Contents tagged with General Software Development
My blog has been quiet for quite a while. My inspiration comes from crunching/exchanging information which I should do more often.
Gartner analysis tells us that by 2013 mobile phones will overtake PC’s as the most common Web access device worldwide. A few years back I would have said non sense, but apparently most Web users are comfortable with less processing power. Just take a look at the increasing business in Netbooks.
Wouldn’t it be great to have a mobile phone which can connect wirelessly to my home TV, monitor, car display, mouse, keyboard, etc? And to have the processing power of the current Netbook generation?
Where can I buy it?
Why are we making our PC devices (for instance the slate) smaller while we can make our mobile device’s functionality bigger?
What about the single responsibility principle? Does it apply to physical devices as well as good object-oriented software?
Some of my clients have/had challenges embracing object-relational mapping data access API’s. I’ve experienced this with introducing Neo, IBATIS, NHibernate, LLBLGen Pro, LINQ to SQL and Entity Framework in projects for our clients.
As with most things in our field this hasn’t much to do with the technology choices we make. Better collaboration is the key here. I’m glad that Patterns & Practices acknowledges that guidance in this area could help these two groups to leverage each others strengths. I’m confident that enabling a better understanding of both domains will improve the adoption of Microsoft’s data access api’s in the future.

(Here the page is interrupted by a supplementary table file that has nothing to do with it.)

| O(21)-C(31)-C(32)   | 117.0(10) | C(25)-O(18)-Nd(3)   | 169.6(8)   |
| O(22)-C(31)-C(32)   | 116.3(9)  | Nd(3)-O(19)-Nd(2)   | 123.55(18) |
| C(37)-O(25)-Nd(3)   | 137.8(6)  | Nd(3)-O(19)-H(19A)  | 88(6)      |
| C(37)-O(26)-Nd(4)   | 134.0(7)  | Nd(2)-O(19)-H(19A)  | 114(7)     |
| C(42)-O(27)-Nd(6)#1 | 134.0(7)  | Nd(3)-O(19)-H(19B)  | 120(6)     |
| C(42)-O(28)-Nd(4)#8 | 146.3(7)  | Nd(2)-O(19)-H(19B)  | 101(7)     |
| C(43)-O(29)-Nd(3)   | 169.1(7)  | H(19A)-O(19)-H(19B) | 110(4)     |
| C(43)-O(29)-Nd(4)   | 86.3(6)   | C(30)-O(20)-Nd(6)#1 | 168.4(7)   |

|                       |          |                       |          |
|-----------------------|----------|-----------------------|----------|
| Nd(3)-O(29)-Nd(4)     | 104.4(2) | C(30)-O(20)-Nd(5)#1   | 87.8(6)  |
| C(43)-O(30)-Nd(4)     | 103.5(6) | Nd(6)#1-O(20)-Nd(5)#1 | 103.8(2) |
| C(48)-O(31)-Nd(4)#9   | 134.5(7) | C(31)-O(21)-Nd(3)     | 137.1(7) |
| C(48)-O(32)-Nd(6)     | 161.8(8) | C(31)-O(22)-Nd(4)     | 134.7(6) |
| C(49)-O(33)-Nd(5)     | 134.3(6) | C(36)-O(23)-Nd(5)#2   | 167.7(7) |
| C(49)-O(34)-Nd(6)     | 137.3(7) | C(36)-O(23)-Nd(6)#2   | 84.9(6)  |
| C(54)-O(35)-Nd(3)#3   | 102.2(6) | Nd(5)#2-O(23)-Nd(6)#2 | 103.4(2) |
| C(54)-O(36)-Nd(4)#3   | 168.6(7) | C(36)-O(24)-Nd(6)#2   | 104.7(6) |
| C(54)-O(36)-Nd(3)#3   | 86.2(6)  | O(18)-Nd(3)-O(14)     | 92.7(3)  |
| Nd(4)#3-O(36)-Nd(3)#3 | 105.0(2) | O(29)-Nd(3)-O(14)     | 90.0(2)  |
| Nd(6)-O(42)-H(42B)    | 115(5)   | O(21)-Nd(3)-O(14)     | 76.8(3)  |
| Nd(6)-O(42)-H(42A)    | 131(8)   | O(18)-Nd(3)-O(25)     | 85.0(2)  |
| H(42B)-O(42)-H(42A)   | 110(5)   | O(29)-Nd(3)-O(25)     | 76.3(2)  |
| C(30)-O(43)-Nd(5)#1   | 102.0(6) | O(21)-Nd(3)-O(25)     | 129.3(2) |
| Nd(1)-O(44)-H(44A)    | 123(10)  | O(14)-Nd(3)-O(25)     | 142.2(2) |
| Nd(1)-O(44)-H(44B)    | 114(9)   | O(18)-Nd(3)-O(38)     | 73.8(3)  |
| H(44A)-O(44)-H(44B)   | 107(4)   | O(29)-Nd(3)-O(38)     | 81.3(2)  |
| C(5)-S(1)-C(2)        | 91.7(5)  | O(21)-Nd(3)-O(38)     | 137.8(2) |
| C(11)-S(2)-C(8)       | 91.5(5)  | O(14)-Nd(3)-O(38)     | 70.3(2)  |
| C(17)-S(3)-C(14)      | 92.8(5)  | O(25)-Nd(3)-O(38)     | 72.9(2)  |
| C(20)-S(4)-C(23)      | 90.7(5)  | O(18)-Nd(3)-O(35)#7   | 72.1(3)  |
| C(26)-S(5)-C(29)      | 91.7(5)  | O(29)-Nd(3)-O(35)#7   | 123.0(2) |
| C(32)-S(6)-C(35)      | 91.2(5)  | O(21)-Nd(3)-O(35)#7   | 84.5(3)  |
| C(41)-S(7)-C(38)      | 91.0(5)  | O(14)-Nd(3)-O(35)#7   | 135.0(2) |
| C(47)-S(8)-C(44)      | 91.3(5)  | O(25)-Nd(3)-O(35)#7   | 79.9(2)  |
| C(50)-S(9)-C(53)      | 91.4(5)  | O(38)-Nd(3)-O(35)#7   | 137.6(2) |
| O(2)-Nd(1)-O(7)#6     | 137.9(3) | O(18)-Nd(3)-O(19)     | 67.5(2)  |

Please give your feedback on the Data Access Guidance wiki.
I was triggered by Dennis’s post “Why developers should not be happy with a project manager” in which he states.
..in a team with different roles, there’s always the product manager and the program manager. These roles can never be filled by the same person. Putting it simple, the first role is there to make sure the customer gets what he wants. The second role is to make sure the team isn’t stressed out, can do their job, etc.
Dennis continues with..
People involved so far are also pretty anxious to use Scrum and some XP practices for this project, so we’ll see where this ends.
This reminded me of my own project experiences. Agile purists better stop reading ;) Looking back I can’t really say that applying more Agile methods gave perceptible better results. We did, however, spend more time thinking about the development process while applying Agile practices. During these times we strongly focussed on the sum of all the parts. I felt as if everyone in this big team had an equal share in the joint success.
Success equals the sum of all the parts.
Years ago I was very strong in advocating Agile over the Waterfall approach. Today I don’t care so much anymore which process is being applied as long as we all realize that success equals the sum of all the parts. My advice is to focus on the connection between your work and the work of others. Have great projects!
The Patterns & Practices team is working on the upcoming release of its Application Architecture Guide, 2nd Edition which should arrive late summer this year.
One of the areas the team seems to be concentrating on is Domain-Driven Design (DDD). A how to guide is publicly available since January. Skimming through the comments it appears that developers/customers are challenging the original authors how to apply the ideas and experiences published in books (Evans, Fowler, Nilsson).
Implementing a domain model in a general purpose language (Java, C#, etc) is challenging. Key to success is to have as little distractions (from the development platform) as possible. The set of design principles and patterns will help to accomplish this goal. I learned that, after discussing ideas with attendees during my “Applying Domain-Driven design in .NET” talk at SDC 2007, there’s a strong focus to overcome the technology use/constraints in applying DDD in our target platform.
My advice for the Patterns & Practices team is to focus on:
Which principles and patterns should be applied (as a coping strategy) for the distractions in the development platform?
Please realize that this is different from guidance on how to implement DDD-patterns with the .NET platform.